Age of Success still 3“Love only matters when you can sell it” in the nihilistic world of Jang Sun-woo’s The Age of Success (성공시대, Seonggong shidae). The Korea of 1988 was one of increasingly prosperity in which the recently democratised nation looked forward to a new era of freedom, hosting the Olympic Games as a calling card to the world stage. Like everywhere else in the ‘80s however it was also a time in which greed was good, time was money, and compassion was for suckers. Jang’s narcissistic hero worships Hitler and offers a nazi salute to a mockup of a high value note with his own face on it as he leaves for work every morning, but his relentless pursuit of “success” is destined to leave him empty handed when he realises the only commodity he can’t sell is sincerity.

The executives of Yumi Foods, a subsidiary of Mack Gang (Mighty) corporation, are looking for a bright new face through a series of individual interviews. The panel asks each of the prospective new hires to prove their sales ability by convincing them to buy something inconsequential they happen to have in their pockets. Each of the young men fails, until the sharply suited Kim Pan-chok (Ahn Sung-ki), whose name literally means “sales promotion”, dazzles them with a show of intense charisma. He simply offers to sell them whatever is inside his clenched fist. Such is his conviction, the CEO finds himself emptying his wallet, pouring out his credit cards, and eventually borrowing from his friends until Pan-chok is satisfied he’s getting all he could possibly get at point which he opens his fingers and reveals his empty palm. The bosses are annoyed, but quickly convinced by Pan-chok’s explanation that what he’s sold them is “sales spirit” which is, after all, the most valuable thing of all (not to mention exactly what they were looking for). Pan-chok is hired.

Later, we find out that Pan-chok’s routine is an ironic inversion of his childhood trauma. A poor boy abandoned by a mother who became fed up with his father’s fecklessness, he waited alone every day for his dad to come home with something to eat. But his dad was an irresponsible drunkard who could never hold down a job. Like Pan-chok, he held out his fist and told the boy to open his fingers but he was always empty-handed. Hating his father’s incompetence, laziness, alcoholism, and violence, Pan-chok decided that he had to be strong. “Poverty makes you low and pathetic”, he insists. Love, pity, and mercy are for people with no power. “The important thing is to be strong, to win, succeed, possess, and to dominate. Only then will I be happy”.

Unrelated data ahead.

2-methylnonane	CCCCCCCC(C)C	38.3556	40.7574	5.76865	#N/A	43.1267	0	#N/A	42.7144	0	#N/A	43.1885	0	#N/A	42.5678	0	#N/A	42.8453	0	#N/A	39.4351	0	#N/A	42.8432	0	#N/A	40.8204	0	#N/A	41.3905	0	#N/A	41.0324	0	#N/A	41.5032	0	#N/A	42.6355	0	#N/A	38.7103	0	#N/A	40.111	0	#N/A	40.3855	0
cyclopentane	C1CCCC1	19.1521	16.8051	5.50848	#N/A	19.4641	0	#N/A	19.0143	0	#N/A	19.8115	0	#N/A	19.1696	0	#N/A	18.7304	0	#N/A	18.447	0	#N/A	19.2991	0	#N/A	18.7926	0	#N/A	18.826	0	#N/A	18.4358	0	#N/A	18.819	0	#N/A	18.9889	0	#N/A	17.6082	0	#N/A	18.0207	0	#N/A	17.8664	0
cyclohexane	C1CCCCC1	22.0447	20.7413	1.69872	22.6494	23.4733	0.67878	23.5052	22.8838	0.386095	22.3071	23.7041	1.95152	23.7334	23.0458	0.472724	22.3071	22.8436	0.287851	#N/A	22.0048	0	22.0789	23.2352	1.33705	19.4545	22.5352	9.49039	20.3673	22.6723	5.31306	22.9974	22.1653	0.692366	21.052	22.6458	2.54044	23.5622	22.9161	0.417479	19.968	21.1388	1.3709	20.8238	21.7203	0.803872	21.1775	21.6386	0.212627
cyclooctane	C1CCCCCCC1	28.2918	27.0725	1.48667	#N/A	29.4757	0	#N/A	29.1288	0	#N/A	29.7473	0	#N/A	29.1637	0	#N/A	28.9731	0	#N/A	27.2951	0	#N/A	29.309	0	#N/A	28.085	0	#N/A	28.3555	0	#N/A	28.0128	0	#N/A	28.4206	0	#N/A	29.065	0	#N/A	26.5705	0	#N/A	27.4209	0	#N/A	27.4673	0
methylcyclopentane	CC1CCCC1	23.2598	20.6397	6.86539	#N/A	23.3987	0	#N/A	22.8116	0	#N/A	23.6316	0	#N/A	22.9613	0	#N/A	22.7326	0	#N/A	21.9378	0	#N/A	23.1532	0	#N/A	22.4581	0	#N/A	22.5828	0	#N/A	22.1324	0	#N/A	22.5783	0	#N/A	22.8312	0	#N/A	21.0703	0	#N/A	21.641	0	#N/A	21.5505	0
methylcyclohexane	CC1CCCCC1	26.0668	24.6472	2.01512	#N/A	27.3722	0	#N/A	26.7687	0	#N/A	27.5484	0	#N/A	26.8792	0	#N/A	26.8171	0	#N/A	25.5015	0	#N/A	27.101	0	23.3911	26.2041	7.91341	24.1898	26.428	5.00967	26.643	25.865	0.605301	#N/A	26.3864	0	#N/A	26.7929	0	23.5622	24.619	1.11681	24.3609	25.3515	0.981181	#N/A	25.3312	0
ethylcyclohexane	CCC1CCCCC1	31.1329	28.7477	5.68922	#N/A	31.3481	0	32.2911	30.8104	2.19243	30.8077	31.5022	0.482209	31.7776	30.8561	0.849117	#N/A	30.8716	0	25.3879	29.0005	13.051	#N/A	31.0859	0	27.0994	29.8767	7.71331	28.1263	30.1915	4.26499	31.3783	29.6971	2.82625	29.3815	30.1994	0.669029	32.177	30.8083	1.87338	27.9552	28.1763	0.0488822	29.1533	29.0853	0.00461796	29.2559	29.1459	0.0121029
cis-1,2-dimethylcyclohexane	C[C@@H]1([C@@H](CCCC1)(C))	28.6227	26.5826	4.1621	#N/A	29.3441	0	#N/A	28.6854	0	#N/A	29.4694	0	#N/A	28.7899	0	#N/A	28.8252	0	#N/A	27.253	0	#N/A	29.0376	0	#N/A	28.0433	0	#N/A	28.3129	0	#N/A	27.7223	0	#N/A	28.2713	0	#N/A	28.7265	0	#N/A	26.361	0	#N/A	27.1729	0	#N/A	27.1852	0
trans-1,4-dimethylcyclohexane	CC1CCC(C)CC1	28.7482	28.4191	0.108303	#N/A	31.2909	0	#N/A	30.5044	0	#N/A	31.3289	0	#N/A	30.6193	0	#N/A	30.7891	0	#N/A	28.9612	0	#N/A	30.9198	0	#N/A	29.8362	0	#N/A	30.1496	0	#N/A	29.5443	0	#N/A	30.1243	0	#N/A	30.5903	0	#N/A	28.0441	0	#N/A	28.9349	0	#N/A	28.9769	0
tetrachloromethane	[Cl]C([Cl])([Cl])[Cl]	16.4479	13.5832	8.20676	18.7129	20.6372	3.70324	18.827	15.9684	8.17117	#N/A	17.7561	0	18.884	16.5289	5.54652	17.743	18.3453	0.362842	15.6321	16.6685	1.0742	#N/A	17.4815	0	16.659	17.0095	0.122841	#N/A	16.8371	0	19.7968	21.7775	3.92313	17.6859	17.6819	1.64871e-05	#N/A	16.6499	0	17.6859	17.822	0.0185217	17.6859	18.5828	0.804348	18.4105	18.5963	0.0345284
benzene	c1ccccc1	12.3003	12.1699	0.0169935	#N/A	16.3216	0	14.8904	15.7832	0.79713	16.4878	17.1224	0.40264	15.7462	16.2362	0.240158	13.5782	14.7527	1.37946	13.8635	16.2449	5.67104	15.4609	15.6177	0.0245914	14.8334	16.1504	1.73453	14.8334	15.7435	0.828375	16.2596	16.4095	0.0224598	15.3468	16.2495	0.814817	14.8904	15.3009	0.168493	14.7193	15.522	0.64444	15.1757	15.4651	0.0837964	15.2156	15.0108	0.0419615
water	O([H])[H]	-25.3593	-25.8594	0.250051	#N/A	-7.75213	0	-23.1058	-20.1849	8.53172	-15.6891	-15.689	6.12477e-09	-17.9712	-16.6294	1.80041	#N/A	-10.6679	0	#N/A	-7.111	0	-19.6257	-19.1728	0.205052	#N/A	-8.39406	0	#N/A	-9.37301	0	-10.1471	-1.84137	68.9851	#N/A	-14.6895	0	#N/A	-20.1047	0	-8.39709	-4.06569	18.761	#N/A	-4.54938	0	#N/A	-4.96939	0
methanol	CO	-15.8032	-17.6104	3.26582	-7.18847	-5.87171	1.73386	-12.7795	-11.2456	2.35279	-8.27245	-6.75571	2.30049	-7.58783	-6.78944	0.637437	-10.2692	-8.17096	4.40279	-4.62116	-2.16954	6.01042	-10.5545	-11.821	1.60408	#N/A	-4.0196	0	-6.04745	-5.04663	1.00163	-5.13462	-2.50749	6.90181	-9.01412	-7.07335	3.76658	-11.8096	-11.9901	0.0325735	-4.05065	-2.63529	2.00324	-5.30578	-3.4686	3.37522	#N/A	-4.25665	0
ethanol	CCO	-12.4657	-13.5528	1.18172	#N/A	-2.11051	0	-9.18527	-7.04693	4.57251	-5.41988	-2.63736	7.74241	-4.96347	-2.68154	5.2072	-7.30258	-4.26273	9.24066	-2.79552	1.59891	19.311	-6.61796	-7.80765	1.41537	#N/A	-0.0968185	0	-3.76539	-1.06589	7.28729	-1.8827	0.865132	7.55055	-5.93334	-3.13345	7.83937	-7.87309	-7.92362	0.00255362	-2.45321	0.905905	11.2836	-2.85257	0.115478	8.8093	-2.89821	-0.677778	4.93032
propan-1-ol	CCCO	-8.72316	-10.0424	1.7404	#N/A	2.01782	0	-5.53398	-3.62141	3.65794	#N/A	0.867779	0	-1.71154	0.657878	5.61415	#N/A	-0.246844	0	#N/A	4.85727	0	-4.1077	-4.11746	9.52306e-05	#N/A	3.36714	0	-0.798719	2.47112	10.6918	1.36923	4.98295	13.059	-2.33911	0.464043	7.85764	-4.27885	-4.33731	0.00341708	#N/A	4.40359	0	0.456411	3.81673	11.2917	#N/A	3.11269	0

Pan-chok is a corporate fascist wedded to ultra capitalist ideology in which the only thing that matters is strength and the ability to dominate. He lies, and cheats, and misrepresents himself to pull every underhanded trick in the book to try and get ahead. He goes to war, quite literally, with industry rival Gammi, intent on completely destroying them in order to dominate the market by whatever means possible. Coming up with signature product Agma, he irritably tells his development team that none of their work really matters because the quality of the product is largely irrelevant. Just as in his interview, all Pan-chok is selling is false promise wrapped up in marketing spin. His rival goes on TV to talk the value of tradition to defend himself against a smear campaign Pan-chok has engineered to suggest his products are a health risk, but eventually gets the better of him by playing him at his own game and making a late swing towards ultra modernity.

Pan-chok’s main gambit is seducing a local bar hostess, Song Sobi (Lee Hye-young), lit. “sexual consumption”, and using her as a spy to get info on Gammi’s latest products, but Sobi falls in love with him only to have her heart broken when she realises Pan-chok will discard her when he decides she is no longer useful. He tells her that love is only worth something when you can sell it, but is confounded when she later turns the same logic back on him after selling her charm to seduce the son and heir of the Gammi corporation as a kind of revenge.

Proving that he never learns, Pan-chok’s last big idea is that the only way to beat Gammi’s technological solution is to commodify nature, to repackage and sell back to the people the very things he previously rejected in human sensation. By this point, however, he is so thoroughly discredited that few will listen. His new boss has an MBA from an American university and no time for Pan-chok’s scrappy post-war snake oil salesman tactics. “Only success can set you free”, Pan-chok was fond of saying, but it belied a desperation to escape post-war penury. What he wanted was freedom from hunger, anxiety, and subjugation. He wanted to be a big man, not a small one like his father who always came home empty-handed, so that no one could push him around. What he became was a man without a soul, empty-hearted, consuming himself in pursuit of the consumerist dream. Korea, Jang seems to say, should take note of his lesson.


The Age of Success was screened as part of the 2019 London Korean Film Festival.